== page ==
Pull the dryer away from the wall and remove the flexible duct from behind the machine. Use a long vacuum hose attachment to vacuum inside the duct and around the back of the dryer.
Make sure to vacuum up any additional lint that is behind the dryer. Then, reattach the duct to the dryer, and turn the power back on at the circuit board.
Frequently Asked Questions
Can you vent a dryer into the attic?
Similar to venting into a garage, you also cannot vent a dryer into an attic. However, the International Residential Code says you can run the vent through the attic in order to vent the dryer through the roof.
However, keep in mind if running your vent through the attic, adhere to the guidelines. Your vent can’t exceed 35 feet (less if it makes various turns), and you need to have proper cleanouts.
Can you vent a dryer underneath your house?
If you would rather not have the dryer venting through your roof or wall, you might consider venting into a crawlspace. It still needs to follow all of the same guidelines and codes. It also could be wise to position the end of the vent somewhere near the house’s perimeter.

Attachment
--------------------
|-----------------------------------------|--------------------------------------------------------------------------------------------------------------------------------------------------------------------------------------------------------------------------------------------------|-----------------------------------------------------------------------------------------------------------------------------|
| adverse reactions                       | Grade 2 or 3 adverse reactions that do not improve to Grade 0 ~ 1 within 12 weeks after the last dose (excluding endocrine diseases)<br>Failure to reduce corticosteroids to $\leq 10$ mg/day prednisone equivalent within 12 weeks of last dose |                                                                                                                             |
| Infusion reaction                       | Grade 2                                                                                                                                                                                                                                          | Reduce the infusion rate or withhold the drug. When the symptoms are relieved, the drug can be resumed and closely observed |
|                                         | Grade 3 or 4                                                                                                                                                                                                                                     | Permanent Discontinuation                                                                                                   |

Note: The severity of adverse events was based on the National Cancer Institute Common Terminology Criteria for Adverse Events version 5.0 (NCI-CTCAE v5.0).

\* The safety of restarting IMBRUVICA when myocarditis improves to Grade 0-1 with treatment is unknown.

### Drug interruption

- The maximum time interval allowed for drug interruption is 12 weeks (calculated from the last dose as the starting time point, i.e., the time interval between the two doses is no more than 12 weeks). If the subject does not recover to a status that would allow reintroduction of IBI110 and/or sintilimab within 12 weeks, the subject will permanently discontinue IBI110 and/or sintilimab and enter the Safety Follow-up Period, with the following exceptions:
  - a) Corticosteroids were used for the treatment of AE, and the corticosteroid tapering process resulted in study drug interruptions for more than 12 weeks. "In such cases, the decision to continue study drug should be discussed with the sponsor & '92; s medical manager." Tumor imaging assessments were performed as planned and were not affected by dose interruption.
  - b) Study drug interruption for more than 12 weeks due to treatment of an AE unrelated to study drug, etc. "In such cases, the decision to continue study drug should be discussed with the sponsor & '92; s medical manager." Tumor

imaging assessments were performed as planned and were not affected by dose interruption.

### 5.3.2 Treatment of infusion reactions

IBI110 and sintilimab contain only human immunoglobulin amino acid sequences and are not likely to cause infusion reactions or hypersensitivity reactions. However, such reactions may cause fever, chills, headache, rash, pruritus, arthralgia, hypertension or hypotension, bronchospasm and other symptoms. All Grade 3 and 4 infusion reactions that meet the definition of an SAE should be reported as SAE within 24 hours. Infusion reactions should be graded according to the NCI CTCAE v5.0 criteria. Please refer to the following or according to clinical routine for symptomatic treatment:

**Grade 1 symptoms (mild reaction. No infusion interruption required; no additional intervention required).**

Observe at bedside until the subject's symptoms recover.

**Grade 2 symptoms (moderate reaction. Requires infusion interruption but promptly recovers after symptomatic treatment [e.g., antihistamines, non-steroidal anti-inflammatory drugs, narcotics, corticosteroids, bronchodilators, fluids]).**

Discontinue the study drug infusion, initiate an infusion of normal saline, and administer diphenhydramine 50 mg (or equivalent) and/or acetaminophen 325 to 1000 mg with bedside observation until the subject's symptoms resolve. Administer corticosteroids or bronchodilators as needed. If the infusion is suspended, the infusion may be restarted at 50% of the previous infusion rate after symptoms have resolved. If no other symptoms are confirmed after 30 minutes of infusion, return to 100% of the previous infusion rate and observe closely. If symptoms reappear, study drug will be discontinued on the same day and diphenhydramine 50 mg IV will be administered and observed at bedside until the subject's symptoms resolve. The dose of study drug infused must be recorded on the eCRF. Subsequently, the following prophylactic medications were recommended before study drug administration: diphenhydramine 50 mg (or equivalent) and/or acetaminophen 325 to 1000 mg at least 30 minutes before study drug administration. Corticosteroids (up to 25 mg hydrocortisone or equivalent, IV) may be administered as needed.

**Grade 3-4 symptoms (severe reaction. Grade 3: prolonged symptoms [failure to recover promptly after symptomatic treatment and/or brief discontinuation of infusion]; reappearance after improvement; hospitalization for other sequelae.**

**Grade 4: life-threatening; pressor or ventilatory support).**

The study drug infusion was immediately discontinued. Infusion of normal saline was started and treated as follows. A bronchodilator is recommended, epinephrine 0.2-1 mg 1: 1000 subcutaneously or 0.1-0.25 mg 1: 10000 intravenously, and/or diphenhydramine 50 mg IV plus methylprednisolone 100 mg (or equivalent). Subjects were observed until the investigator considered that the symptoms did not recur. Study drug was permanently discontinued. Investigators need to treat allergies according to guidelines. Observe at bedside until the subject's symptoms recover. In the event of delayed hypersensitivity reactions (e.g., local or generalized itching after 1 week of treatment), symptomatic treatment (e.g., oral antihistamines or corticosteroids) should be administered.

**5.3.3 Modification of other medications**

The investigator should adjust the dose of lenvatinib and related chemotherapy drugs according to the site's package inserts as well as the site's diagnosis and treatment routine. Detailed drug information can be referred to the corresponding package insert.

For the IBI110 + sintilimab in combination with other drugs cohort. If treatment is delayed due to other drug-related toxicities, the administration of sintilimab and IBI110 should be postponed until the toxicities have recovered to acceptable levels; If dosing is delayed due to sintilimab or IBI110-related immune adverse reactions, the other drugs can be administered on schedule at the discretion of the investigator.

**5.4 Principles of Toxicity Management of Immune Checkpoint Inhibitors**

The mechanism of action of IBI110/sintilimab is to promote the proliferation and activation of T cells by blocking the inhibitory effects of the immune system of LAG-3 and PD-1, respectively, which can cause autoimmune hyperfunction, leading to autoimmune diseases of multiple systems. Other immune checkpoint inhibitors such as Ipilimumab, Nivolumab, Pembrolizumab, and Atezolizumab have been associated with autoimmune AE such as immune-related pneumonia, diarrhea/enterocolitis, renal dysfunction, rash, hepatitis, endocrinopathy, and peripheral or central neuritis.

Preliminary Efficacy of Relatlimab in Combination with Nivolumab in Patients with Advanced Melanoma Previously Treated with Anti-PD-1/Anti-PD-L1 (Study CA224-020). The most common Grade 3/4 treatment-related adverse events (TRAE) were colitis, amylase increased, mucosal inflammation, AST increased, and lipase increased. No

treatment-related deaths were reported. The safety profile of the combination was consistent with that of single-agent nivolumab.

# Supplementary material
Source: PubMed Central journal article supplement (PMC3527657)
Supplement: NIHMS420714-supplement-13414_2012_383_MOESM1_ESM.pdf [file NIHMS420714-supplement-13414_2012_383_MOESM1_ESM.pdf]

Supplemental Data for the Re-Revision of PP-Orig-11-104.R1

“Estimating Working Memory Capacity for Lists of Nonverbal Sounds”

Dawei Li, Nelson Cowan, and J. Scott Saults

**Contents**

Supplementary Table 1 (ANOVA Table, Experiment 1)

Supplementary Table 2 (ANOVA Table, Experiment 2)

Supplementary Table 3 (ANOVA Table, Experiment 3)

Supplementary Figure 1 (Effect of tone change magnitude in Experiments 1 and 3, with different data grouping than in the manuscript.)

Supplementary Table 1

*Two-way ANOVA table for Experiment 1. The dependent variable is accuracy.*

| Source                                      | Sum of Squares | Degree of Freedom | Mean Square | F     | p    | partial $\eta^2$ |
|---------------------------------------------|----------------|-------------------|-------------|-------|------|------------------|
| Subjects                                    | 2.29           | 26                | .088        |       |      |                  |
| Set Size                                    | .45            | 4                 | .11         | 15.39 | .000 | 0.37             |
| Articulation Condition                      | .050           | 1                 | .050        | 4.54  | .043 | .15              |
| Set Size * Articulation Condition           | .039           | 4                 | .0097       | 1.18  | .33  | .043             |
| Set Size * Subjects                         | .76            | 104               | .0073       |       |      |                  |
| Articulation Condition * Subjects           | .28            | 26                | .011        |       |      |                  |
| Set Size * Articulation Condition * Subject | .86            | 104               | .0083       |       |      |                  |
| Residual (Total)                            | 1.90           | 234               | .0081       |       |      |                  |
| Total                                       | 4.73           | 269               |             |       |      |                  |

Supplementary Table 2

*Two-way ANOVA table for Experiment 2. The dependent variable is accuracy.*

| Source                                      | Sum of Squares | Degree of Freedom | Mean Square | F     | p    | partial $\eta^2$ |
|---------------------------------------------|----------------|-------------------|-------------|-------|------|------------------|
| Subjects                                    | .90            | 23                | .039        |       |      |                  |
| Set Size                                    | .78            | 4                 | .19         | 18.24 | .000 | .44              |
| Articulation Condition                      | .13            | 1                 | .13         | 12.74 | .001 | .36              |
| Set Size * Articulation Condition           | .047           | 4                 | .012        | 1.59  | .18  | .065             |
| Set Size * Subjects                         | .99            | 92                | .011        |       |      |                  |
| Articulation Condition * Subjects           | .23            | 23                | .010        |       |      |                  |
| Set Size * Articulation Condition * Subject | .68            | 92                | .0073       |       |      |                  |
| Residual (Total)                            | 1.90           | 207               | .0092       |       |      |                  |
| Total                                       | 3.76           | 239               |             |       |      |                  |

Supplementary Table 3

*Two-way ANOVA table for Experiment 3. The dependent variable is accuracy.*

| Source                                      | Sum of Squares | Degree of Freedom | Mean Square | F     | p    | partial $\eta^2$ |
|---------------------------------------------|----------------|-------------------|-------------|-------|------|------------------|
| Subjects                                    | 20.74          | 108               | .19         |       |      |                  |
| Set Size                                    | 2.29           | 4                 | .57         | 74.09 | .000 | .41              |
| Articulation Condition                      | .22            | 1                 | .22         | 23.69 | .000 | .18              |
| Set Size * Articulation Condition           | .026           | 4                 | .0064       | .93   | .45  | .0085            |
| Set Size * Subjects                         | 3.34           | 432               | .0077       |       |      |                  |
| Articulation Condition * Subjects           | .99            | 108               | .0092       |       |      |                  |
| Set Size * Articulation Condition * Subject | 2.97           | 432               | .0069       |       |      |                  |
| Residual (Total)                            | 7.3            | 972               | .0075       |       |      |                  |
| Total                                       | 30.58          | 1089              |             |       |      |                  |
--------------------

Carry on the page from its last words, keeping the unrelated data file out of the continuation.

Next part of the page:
Can you vent a dryer through a window?
If you aren’t ready to cut a hole in your wall or roof, you can vent a dryer through the window. But, this doesn’t mean you simply open a window and let the vent hang out. This can lead to issues of its own, like security for one thing.
Instead, you will be removing the section of glass where you plan to run the vent and putting wood or plexiglass in its place. If your window has screens, remove these too and store them somewhere safe. If you ever go back to having a proper window, you can replace the screens.
You’ll need to cut a circle in the wood to fit the vent hood snugly. Install the dryer vent hood into the newly cut hole, with the opening pointed downward.
Seal around where the hood meets the wood using caulk. Install the wood insert with vent hood into the opening where the glass once was. Make sure everything is installed securely so no one can access your house from the outside.
Caulk around the insert, then add the necessary vent elbow and vent ducting, connecting to the dryer. Make sure everything is sealed correctly, and there are no leaks.